It is commonly accepted that higher education plays a public role and produces public goods. However, there is a lack of clarity over what this means. The dominating economic or political ideas do not provide good explanations in contexts beyond Anglo-American countries, especially in relation to the rise of higher education in Sinic countries.
This seminar will examine higher learning system in imperial China, including higher learning institutions, the Civil Service Examination (Keju) and the received public support in order to better understand the Sinic tradition. Closely combined with the Civil Service Examination, higher learning was controlled by the state to some extent and received great financial and political support.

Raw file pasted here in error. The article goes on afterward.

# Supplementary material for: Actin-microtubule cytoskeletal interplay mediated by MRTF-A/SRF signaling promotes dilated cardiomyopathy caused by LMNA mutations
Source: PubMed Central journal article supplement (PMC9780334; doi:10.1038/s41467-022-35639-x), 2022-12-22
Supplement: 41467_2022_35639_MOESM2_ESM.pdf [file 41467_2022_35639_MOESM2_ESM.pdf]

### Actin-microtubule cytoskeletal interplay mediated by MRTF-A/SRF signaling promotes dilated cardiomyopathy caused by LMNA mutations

The research sheds light on our understanding of public higher education as it not only brings new perspectives from the Chinese tradition, but is also not confined to the traditional patterns of analysis.
Listen to an audio recording of this seminar: